Prior to Covid-19, I mostly thought about strangers as warnings to my children. Around the time I first began teaching my daughter Izzy to not talk to strangers, we were standing in line at Panera. She was scrutinizing the people behind us so intensely that I was about to tell her to stop staring when she pointed and said, “Mommy, are those the strangers?”
“Well, those are strangers, but not the strangers.” I shot the couple a friendly smile to show I wasn’t one of those hyper-vigilant moms who’s mistaken fear for security. I’m wary in public, but I also want my children to know that the world is full of mostly good people.
In fact, strangers can sometimes bring certain comforts, like the ones who offer presence without the freight of intimacy. Take the nun I found in a rest stop on the Massachusetts Turnpike. I was on my way back from a trip to Smith College, and exhausted. It was damp with the threat of snow, but I was still sweaty from the adrenaline of speaking to a group of students about women’s equality at work. All I wanted was a McDonald’s cheeseburger, a guilty pleasure I justify only when traveling.
It wasn’t the kind of place I was expecting to find connection. Rest stops have lots of potential to attract the strangers. So when I collected my cheeseburger and fries, I spied a booth, and then directly across from it…a nun. She seemed at home there, relishing a Big Mac and large fries. I gave her a quick smile as I passed and she looked from me to her food with what felt like guilt. I fantasized that she escaped her convent once a week to come here and indulge in secrecy.
My last stop before leaving Smith had been to see Kathy McCartney, the president. She and I had talked about spirituality, the MeToo movement, and its impact on women. On my way out, she gave me one of her last bound copies of a speech she’d recently given. I tried to let her keep it, but she said, “No, no. Take it. You should have it.” I wanted to read it in the parking lot, but Kathy had let me use her parking spot and I felt like I’d been in it too long already.
In my booth, I pulled out her speech and read it while I ate my fries. A page into Kathy’s words I was crying. She wrote that suffering can soften us and open us to the world, and included a Mary Oliver poem that called darkness a gift. I don’t cry in public, but there I was wiping my eyes with rough McDonald’s napkins. The nun must have noticed because we were facing each other, but she kept her eyes down. She was either giving me space, or happy to have some of her own, but it felt like we understood each other.
Which was cool because I didn’t want to have to pull it together. I’d been on all day, trying to be a perfect female CEO. My tears were, in part, a release. When I was leaving, there was a shorter route to my car through the side door, but I walked past the nun’s table. I caught her eye and said, “Sometimes only McDonald’s will do.” Her red cheeks spread into a wide smile and she nodded. I imagined her watching to make sure I got back to my car safely.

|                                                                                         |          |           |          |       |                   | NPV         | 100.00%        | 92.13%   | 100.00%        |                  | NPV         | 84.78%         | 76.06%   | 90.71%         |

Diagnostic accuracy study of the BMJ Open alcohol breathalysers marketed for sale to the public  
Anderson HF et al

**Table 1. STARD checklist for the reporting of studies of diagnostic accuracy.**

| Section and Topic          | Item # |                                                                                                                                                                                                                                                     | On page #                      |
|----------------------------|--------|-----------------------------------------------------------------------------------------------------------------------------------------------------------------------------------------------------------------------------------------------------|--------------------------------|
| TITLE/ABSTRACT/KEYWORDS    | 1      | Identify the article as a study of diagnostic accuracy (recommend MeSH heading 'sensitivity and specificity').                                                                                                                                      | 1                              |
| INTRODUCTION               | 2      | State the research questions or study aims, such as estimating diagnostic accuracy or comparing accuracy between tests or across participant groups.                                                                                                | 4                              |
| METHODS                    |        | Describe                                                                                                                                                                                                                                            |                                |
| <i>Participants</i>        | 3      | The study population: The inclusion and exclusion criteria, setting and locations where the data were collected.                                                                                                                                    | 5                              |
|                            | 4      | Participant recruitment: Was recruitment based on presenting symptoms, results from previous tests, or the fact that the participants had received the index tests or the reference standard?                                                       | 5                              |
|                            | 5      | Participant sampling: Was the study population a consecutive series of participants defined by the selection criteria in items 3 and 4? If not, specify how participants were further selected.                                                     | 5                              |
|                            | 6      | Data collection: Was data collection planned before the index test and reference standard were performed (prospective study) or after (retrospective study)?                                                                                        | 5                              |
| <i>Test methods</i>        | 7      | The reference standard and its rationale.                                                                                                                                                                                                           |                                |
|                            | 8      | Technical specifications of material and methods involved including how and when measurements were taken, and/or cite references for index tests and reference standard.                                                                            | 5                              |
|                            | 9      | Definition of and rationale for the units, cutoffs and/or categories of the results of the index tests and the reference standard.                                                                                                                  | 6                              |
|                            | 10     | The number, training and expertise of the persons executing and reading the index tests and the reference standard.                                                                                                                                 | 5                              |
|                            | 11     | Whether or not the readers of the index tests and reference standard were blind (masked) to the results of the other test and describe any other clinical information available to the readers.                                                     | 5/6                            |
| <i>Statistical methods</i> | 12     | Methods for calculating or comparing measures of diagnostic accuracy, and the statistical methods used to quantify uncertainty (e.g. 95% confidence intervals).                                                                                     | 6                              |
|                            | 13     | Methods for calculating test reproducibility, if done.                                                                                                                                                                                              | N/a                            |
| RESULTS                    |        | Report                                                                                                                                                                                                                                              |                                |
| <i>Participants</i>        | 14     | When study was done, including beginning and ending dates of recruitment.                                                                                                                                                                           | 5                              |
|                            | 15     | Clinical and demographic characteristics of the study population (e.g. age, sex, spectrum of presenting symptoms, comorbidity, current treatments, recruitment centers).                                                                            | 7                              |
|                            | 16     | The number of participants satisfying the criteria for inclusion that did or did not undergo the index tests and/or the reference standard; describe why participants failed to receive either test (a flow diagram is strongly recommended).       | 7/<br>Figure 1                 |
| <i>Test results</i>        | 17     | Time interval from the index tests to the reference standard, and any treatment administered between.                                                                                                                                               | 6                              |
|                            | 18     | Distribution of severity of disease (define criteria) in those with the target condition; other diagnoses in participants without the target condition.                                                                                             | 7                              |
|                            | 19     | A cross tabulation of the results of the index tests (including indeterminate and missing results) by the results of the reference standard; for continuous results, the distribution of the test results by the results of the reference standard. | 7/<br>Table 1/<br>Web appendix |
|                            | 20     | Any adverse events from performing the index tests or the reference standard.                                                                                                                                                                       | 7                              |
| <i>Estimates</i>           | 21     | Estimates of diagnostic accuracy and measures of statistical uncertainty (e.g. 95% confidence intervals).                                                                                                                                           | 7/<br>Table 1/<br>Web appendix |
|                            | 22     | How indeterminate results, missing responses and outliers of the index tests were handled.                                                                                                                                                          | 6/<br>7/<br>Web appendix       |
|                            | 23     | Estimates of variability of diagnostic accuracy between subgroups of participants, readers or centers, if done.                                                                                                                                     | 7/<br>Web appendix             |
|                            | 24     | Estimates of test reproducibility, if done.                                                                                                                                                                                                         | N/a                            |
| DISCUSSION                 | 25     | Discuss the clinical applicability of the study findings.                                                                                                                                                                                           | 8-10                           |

Another pre-pandemic encounter with a stranger provided even more than witnessing; some strangers can drop in on moments to stitch us back together. One Tuesday morning, I was returning some children’s books to my local public library on my way to work. The books were overdue, and I was about to be too. I was taking a 10 a.m. call from my car, wondering if I’d have a chance to use the restroom before a 10:30 meeting. Internally, I was complaining. Do I need to schedule bathroom breaks on my calendar? How does a library not open until 10 a.m.? What about people who have jobs?
An elderly man was also waiting, albeit much more patiently, and he introduced himself as Sheldon. We chatted for a few minutes until a man working at the library opened the door a crack, seemingly to loosen the latch so they could open, but then he turned back to go inside. Sheldon asked, “Can we go in now?” He was doing this for my sake.
The library employee wasn’t having it, “No! The library isn’t open yet! 10:00 a.m.!” He pulled the door closed and locked it again. It was 9:56. So why did he even do that? I fumed to myself.
Sheldon turned to me, “There are two kinds of people in the world, and he’s the other kind.” Now we were allies. I asked what he was doing at the library. In a neat bundle, he carried a stack of poems that he’d written on a typewriter over many years. Each morning, he came here to convert them into digital copies.
He told me he lived alone now, and read me one of his poems about love. Then he said, “You know, you can’t launch every campaign. Some people challenge the world, but all we can really do is take care of the people who are in front of us.”
This stranger, I thought, was sent. It was as though everything had been orchestrated so I could hear his message — the waiting, the rude man at the library, the poems. There may be fewer strangers than we think. During the pandemic’s isolation, I lost sight of this insight. But as massive vaccinations signal a hopeful end, I’ve realized something about the strangers. I want them back.